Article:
How 'Family Guy' Called Out Kevin Spacey and Brett Ratner Way Before #MeToo

Family Guy Still and Seth MacFarlane - Inset - Getty - H 2018
Courtesy of FOX (Still); Donato Sardella/Getty Images for PORTER Magazine

"The writers have always had very open ears," says Seth MacFarlane.

The Harvey Weinstein scandal and subsequent fallout involving sexual misconduct accusations against other high-profile men in Hollywood had some Family Guy fans doing double takes. 

The Fox cartoon staple, which is about to celebrate its 300th episode milestone, has been dropping hints for years that something was amiss. 

At the time, the jokes were likely just considered jabs at celebrities whom the show's writers didn't care for. But, it turns out, there was more to it. 

The Hollywood Reporter spoke with showrunners Richard Appel and Alec Sulkin and creator Seth MacFarlane to better understand how the apparent warnings appeared in the show. 

The instance most noted to this point was when Kevin Spacey appeared to be called out in the episode "Don't Make Me Over," which first aired June 5, 2005. That gag had baby Stewie running naked through a crowded mall, yelling, “Help, I’ve escaped from Kevin Spacey’s basement! Help me!”

"Obviously, it's a terrible thing to say, how we've had a lot of good luck predicting sexual predators, but I do think a lot of people — like Kevin Spacey — there have always been rumors out there about him," Sulkin said. "So we will just kind of say those things. We write things that we hear about and then a year and a half later, they're on TV and then 10 years later they happen."

"Don't Make Me Over," was written by Gene Laufenberg. Spacey, the former House of Cards star, has been accused of sexual assault by numerous men. Authorities in the U.S. and U.K. are investigating accusations against the two-time Oscar winner.

"The Kevin Spacey thing is something I had not heard when it was pitched," MacFarlane said. "The Family Guy writers have always had very open ears. And I think a lot of these things were things that were talked about and whispered about in Hollywood, but nobody had any direct anecdotal information about what was really going on, so all you had to work with was rumor."

Appel explained how such jokes make it to air.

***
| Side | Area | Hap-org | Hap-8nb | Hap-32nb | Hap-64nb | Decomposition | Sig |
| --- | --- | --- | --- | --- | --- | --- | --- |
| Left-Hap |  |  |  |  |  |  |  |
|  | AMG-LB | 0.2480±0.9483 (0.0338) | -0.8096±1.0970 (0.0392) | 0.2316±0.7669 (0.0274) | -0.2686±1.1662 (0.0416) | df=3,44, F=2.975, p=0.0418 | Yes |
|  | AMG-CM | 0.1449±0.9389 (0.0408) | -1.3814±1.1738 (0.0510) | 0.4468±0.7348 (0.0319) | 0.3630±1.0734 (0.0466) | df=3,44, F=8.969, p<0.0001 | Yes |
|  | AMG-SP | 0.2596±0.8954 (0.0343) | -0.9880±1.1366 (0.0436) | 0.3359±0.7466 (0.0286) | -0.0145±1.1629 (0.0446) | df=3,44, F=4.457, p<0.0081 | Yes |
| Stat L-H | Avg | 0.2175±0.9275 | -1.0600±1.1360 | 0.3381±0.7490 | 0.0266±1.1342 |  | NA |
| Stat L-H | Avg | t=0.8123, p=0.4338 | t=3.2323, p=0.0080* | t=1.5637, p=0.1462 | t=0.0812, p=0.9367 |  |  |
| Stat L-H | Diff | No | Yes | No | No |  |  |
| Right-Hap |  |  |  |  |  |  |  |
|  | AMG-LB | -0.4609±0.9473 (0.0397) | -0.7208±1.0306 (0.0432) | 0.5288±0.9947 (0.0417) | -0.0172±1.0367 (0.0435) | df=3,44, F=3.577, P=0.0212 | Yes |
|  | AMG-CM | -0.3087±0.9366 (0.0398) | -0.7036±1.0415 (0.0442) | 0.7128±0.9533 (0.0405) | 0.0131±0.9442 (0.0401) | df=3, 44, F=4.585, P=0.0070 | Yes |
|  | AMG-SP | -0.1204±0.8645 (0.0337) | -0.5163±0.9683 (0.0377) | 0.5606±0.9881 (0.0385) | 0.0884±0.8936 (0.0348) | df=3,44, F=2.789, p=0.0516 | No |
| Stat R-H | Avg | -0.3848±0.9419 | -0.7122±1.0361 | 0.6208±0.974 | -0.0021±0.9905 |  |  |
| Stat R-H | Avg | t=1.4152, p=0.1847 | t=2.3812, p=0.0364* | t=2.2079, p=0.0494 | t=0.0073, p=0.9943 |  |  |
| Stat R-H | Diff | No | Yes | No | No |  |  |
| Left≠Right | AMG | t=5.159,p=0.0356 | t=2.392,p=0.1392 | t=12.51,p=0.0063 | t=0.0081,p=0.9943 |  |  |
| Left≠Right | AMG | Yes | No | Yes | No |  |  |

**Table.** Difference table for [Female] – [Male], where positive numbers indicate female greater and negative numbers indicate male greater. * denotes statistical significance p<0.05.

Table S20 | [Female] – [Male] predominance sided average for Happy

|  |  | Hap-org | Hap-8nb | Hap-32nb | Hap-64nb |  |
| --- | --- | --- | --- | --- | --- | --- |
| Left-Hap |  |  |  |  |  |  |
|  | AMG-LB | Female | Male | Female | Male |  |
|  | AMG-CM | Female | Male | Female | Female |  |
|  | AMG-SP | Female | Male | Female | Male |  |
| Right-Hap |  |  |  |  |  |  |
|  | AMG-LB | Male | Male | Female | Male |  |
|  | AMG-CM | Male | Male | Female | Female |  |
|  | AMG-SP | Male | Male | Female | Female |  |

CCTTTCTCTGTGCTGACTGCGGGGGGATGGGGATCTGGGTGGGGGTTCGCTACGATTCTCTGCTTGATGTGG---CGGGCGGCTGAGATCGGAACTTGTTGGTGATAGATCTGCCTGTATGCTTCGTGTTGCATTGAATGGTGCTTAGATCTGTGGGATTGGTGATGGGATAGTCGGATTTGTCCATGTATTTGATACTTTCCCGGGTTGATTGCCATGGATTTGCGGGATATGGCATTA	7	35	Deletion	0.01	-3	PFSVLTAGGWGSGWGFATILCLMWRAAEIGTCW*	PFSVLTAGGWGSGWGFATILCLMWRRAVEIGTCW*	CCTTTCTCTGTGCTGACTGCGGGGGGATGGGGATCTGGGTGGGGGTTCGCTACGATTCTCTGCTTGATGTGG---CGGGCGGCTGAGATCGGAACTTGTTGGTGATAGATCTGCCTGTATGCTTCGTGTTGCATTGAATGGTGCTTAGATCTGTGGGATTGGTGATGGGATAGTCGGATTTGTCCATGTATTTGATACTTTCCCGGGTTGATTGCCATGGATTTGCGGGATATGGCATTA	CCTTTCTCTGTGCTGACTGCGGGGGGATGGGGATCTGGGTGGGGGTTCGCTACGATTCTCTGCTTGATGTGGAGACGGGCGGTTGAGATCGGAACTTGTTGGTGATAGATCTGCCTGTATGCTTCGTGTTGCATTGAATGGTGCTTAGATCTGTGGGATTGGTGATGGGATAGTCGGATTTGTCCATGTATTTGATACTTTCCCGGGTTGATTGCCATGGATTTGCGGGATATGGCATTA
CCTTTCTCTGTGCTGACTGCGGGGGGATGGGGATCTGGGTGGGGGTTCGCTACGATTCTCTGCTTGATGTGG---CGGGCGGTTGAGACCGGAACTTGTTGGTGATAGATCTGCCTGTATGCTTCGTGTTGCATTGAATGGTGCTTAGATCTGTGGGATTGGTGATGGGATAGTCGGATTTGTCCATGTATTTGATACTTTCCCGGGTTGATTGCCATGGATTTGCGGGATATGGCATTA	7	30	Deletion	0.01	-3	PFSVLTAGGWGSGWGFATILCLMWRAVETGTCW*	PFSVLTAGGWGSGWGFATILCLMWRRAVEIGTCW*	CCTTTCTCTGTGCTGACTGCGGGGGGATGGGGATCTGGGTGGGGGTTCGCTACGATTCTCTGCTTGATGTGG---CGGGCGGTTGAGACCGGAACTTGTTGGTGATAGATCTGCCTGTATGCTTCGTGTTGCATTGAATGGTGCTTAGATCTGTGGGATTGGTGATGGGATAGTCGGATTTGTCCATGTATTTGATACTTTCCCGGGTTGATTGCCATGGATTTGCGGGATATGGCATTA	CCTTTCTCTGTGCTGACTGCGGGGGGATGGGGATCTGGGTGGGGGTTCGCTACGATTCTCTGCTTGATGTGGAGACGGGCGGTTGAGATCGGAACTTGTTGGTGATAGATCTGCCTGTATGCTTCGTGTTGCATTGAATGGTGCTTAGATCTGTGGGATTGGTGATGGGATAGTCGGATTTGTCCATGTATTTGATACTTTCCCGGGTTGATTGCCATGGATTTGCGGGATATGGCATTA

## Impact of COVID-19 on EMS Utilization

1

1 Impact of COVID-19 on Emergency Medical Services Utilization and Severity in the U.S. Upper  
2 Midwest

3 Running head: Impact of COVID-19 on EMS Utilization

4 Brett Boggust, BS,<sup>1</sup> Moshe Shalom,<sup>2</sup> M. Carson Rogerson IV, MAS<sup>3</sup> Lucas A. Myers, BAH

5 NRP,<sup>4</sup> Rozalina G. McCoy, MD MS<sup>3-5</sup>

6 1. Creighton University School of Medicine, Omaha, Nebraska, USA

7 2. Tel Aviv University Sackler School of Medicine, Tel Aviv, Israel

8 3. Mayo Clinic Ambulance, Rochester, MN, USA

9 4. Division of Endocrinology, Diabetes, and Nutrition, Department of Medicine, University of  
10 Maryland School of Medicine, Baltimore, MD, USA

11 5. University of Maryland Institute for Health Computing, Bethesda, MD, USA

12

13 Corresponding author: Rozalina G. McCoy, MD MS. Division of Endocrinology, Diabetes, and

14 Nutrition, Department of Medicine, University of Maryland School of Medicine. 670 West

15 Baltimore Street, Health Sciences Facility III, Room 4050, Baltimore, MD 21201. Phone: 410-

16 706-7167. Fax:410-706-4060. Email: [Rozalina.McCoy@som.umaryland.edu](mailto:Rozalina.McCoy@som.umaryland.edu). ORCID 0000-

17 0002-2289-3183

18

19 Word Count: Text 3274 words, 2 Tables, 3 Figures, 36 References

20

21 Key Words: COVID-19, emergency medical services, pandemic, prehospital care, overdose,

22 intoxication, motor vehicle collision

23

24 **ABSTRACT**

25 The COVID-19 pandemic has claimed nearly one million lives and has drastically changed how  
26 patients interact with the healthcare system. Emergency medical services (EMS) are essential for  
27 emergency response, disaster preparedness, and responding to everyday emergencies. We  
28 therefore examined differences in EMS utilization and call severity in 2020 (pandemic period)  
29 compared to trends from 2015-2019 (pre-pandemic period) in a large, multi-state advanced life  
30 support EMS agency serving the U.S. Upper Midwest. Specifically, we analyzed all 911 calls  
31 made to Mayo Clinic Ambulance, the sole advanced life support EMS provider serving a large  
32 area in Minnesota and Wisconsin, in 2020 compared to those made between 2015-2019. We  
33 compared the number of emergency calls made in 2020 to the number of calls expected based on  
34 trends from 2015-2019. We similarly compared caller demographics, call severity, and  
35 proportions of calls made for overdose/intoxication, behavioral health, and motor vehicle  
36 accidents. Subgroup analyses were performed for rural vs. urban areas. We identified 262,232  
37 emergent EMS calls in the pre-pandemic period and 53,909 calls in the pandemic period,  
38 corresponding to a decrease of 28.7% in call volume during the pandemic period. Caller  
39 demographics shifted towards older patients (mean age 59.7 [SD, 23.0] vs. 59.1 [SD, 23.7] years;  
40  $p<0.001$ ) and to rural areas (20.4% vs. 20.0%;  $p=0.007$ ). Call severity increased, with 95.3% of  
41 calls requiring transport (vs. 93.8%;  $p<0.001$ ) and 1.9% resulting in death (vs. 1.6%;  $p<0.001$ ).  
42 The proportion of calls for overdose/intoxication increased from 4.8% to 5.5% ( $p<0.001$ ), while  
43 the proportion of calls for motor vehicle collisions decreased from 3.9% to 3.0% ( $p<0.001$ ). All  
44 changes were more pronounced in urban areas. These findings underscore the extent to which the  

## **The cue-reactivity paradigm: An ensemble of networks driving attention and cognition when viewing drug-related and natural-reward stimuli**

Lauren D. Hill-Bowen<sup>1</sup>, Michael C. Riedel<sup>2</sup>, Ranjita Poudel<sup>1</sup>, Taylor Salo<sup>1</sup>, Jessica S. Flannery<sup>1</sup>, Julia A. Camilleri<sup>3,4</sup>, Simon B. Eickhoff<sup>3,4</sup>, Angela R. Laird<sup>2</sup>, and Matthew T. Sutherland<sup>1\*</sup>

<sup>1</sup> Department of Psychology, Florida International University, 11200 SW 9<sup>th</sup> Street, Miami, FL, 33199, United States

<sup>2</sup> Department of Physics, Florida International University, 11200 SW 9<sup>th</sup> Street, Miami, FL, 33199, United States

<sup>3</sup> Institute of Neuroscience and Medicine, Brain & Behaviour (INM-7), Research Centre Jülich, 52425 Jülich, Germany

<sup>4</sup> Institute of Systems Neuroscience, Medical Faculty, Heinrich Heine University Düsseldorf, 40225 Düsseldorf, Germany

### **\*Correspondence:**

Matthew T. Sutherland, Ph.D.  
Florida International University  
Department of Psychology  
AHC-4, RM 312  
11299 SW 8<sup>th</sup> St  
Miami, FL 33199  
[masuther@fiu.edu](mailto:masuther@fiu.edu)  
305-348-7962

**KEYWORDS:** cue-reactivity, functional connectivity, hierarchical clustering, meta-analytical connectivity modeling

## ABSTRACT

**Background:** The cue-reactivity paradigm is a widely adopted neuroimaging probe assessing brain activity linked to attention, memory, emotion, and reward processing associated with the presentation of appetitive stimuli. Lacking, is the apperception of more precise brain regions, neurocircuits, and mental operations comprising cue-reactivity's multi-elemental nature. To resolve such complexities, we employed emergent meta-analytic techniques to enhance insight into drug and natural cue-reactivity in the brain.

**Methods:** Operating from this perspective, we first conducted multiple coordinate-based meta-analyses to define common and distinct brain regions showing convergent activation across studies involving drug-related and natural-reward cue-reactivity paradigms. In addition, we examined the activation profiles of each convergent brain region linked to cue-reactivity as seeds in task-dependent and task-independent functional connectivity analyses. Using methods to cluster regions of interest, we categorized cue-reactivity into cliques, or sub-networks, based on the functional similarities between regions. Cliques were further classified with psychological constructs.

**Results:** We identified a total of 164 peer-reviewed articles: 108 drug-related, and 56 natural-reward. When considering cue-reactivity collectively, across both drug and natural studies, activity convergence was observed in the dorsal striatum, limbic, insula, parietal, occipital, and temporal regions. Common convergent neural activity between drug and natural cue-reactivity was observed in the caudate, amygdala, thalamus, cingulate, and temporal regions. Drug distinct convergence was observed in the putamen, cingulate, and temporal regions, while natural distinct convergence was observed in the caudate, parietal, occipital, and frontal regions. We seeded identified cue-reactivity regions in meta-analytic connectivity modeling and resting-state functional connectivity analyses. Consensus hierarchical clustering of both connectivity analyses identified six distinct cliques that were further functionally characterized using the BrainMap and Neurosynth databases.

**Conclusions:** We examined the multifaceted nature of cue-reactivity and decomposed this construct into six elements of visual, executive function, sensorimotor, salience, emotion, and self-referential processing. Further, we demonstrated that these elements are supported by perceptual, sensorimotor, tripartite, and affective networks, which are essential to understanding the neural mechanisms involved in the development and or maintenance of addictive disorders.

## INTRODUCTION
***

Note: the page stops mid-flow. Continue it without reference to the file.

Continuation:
"The episodes are vetted by the legal standards department," he said. "And either there has to be some basis for a joke or it has to be so insane and unbelievable, that no one would take it seriously. And honestly, in some of these instances, both were true."

Another instance of calling out a well-known Hollywood personality, in this case Brett Ratner, occurred in "Leggo My Meg-O."

In the May 2012 episode, a play on the Taken films, Meg travels to Paris and is kidnaped, and Brian and Stewie have to save her. Stewie, dressed as a little girl, infiltrates a sex-slave auction. There, Brett Ratner bids $75,000 on him. The episode was written by Brian Scully.

The Rush Hour trilogy director has since been accused by numerous women of sexual assault and harassment.

"The idea that we had some inside knowledge — I wish we were that Kreskin-like that we could predict the future, but we were hearing the same rumors as everyone else in town," MacFarlane said. 

Still, even though it was not done through his show, MacFarlane did not mince words when he directly called out Weinstein in 2013 while onstage with Emma Stone during the Oscar nominations telecast.

After naming the five nominees for best supporting actress, MacFarlane remarked, “Congratulations, you five ladies no longer have to pretend to be attracted to Harvey Weinstein.”

"The Weinstein thing, I had a very good friend who had a very troubling run-in, and I despised the guy for direct reasons," MacFarlane said.

A version of this story first appeared in the Jan. 10 issue of The Hollywood Reporter magazine. To receive the magazine, click here to subscribe.